Over 5,000 years ago, the history of humanity radically changed direction when writing was invented in Sumer, the southern part of present-day Iraq. For the next three millennia, kings, aristocrats, and slaves all made intensive use of cuneiform script to document everything from royal archives to family records.
In engaging style, shows how hundreds of thousands of clay tablets testify to the history of an ancient society that communicated broadly through letters to gods, insightful commentary, and sales receipts. He includes a number of passages, offered in translation, that allow readers an illuminating glimpse into the lives of Babylonians. Charpin’s insightful overview discusses the methods and institutions used to teach reading and writing, the process of apprenticeship, the role of archives and libraries, and various types of literature, including epistolary exchanges and legal and religious writing.
The only book of its kind, Reading and Writing in Babylon introduces Mesopotamia as the birthplace of civilization, culture, and literature while addressing the technical side of writing and arguing for a much wider spread of literacy than is generally assumed. Charpin combines an intimate knowledge of cuneiform with a certain breadth of vision that allows this book to transcend a small circle of scholars. Though it will engage a broad general audience, this book also fills a critical academic gap and is certain to become the standard reference on the topic.
Many books have been written on the origins of the cuneiform script and the role of reading and writing in Mesopotamia. But Charpin's book has no rival that could even stand in its shade.
Charpin takes up a subject that's been debated by Assyriologists for many years: Did scribes alone have the knowledge to read and write cuneiform, the earliest writing, invented by the Sumerians around 3200 B.C.E.? Charpin focuses on what may be called the 'classical' period of Mesopotamian civilization, the period between the Babylonian rulers Hammurabi (1792–1750 B.C.E.) to Nebuchadnezzar (604–562 B.C.E.). Charpin's work at Ur some 20 years ago convinced him that what was thought to be a school was in fact a residence for clergy who home trained their children and apprentices to read and write cuneiform. His research has convinced him that literacy was not limited to professional scribes. The depth and range of material Charpin includes is indeed impressive. In sections that will be of particular interest to lay readers and students, Charpin goes into detail about reading a cuneiform tablet and the apprenticeship of a scribe. He informs the reader that the oral, spoken word—Sumerian or Akkadian—was most important in Mesopotamian society, and it was the survival of the written over the spoken word that produced the expansion of writing. Required reading for scholars in the field and their students.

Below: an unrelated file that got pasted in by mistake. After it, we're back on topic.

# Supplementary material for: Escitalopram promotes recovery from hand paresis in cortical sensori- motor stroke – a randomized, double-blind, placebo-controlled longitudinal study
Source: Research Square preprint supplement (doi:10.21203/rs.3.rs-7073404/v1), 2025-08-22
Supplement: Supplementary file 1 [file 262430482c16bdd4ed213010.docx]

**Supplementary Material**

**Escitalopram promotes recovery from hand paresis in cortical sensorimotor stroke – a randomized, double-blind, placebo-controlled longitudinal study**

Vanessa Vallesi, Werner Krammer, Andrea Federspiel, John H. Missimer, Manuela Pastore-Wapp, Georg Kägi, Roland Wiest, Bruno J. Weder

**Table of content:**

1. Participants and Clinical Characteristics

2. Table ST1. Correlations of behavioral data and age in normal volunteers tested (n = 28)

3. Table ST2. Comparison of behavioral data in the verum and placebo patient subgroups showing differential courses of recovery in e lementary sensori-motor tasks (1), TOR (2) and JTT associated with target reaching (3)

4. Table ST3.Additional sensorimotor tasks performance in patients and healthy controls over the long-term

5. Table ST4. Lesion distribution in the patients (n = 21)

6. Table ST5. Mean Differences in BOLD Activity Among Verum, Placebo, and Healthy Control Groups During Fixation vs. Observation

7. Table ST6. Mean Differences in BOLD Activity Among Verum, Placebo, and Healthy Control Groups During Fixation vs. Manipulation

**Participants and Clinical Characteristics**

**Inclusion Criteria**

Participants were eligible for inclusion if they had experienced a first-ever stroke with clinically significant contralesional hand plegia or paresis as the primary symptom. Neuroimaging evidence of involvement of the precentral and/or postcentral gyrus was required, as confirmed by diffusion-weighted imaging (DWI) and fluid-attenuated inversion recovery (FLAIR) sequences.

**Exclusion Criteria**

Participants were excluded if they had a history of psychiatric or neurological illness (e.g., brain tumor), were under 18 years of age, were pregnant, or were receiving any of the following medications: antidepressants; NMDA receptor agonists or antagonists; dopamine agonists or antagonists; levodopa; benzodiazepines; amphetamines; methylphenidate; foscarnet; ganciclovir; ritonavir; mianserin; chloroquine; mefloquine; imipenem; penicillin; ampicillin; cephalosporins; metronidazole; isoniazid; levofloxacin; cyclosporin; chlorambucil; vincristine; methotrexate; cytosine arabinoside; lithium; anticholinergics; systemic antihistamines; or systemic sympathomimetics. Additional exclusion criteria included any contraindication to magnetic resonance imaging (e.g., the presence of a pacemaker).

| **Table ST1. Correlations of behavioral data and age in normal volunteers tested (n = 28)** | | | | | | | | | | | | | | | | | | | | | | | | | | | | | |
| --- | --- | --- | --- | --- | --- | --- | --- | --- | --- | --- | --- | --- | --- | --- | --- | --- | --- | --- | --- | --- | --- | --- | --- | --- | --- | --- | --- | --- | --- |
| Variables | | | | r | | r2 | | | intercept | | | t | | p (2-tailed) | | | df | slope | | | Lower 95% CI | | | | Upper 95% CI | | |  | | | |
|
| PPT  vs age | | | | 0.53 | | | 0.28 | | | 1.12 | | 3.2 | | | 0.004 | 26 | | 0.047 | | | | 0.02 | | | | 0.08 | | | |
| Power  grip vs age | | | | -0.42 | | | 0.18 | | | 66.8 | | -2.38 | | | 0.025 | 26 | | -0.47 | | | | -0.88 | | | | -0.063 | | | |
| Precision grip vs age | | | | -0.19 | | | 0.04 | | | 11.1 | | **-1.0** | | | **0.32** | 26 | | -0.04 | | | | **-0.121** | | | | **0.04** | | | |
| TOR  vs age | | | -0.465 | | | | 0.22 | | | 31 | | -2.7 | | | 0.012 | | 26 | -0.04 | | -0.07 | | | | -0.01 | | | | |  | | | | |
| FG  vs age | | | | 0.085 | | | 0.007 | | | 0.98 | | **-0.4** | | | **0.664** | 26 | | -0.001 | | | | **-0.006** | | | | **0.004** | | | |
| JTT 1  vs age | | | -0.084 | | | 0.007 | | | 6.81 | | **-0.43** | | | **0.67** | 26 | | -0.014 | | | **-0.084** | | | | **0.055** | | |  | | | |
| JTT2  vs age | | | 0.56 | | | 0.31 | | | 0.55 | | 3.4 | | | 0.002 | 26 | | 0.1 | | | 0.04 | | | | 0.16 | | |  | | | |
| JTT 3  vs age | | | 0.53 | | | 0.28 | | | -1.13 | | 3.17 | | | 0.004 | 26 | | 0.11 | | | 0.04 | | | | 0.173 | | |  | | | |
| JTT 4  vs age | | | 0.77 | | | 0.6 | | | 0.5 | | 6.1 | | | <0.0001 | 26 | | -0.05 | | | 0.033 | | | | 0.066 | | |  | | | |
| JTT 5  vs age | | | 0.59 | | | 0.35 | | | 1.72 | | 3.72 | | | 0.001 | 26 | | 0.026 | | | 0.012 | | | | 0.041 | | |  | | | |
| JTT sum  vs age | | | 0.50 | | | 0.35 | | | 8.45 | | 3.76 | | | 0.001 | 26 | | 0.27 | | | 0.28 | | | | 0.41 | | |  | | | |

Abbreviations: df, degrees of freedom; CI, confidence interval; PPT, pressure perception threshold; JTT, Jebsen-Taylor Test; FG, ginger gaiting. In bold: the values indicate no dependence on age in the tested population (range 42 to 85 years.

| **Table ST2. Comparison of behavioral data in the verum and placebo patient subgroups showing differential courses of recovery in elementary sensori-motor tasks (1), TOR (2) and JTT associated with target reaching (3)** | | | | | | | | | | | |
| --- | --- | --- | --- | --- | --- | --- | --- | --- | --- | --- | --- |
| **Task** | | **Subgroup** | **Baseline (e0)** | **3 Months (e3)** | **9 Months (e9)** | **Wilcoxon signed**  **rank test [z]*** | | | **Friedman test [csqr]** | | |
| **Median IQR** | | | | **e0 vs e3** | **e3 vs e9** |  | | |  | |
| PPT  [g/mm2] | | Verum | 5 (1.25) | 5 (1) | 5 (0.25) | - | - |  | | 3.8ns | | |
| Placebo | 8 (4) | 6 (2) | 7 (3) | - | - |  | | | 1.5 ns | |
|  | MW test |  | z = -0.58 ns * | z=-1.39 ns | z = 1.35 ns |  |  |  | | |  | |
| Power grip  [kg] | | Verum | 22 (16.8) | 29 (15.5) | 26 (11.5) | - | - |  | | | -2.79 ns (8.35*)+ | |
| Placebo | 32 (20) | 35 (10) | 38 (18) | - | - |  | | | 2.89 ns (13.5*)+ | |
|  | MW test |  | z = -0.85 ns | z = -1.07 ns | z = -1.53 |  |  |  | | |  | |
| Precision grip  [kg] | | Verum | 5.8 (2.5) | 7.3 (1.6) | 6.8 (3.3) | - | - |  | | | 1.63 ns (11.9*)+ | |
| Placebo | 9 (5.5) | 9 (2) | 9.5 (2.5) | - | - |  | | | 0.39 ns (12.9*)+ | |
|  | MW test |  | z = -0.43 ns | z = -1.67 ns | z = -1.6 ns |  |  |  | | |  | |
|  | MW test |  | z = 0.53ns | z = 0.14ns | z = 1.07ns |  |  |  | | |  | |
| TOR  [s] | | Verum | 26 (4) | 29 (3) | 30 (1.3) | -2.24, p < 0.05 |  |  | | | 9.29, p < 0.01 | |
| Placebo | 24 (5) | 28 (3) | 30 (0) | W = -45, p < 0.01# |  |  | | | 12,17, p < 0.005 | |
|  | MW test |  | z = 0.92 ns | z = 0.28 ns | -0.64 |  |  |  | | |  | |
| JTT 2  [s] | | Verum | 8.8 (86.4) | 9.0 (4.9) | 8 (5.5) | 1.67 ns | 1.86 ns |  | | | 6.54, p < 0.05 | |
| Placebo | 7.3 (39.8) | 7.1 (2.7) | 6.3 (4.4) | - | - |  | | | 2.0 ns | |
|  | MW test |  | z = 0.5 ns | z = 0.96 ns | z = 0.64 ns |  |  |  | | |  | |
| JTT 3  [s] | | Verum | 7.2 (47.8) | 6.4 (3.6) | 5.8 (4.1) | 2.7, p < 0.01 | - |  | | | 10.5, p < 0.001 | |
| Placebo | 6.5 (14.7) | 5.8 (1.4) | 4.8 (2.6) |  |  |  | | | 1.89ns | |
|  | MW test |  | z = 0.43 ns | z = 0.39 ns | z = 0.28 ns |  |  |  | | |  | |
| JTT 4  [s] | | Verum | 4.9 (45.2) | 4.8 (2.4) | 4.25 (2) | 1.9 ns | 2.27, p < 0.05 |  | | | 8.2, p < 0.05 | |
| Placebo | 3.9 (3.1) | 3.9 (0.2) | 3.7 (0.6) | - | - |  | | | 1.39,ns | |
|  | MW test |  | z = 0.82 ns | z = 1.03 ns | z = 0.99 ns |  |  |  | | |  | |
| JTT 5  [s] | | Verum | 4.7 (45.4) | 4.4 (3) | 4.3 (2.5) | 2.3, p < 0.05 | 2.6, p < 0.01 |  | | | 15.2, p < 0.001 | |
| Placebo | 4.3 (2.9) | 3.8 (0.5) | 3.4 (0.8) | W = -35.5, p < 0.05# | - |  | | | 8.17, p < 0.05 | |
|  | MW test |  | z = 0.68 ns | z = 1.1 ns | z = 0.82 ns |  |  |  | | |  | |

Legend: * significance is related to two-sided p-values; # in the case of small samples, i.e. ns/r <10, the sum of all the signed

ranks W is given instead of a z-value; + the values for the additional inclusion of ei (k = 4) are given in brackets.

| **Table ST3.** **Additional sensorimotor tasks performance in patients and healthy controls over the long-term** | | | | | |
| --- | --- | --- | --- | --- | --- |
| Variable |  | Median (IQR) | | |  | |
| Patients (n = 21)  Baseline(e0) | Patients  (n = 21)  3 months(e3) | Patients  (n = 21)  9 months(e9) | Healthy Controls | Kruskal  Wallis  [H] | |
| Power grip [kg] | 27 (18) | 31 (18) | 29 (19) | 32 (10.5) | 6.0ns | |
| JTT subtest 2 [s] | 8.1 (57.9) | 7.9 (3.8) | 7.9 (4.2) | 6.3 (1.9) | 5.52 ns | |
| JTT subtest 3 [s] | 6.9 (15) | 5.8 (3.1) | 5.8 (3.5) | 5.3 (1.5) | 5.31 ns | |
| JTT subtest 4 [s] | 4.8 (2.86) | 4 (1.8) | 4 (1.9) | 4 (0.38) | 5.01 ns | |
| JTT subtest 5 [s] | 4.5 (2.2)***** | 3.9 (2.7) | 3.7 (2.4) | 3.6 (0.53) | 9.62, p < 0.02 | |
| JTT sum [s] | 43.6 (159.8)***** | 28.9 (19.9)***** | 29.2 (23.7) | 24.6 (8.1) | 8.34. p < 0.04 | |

This introduction to the birth of cuneiform writing in the Babylonian empire is an engaging primer on the lexicon of linguistics… Charpin has written a scholarly work of incredible breadth.
[Reading and Writing in Babylon] is a groundbreaking and fascinating contribution to the study of ancient literacy, readable by all-comers.
Charpin has written a book that is accessible to those outside the small academic field of Assyriology. The work is remarkable for its level of detail and the breadth of its concern. Charpin is able to keep one eye on the specifics of numerous texts and their archaeological contexts. At the same time, he is able to situate the written legacy of these ancient cultures in a broad sociological context, while arguing in some places for a generally new approach to reading and integrating the wealth of material into cognate fields.
- 2010, Joint winner of the FAF Translation Prize
- 336 pages
- 5-1/2 x 8-1/4 inches
- Harvard University Press
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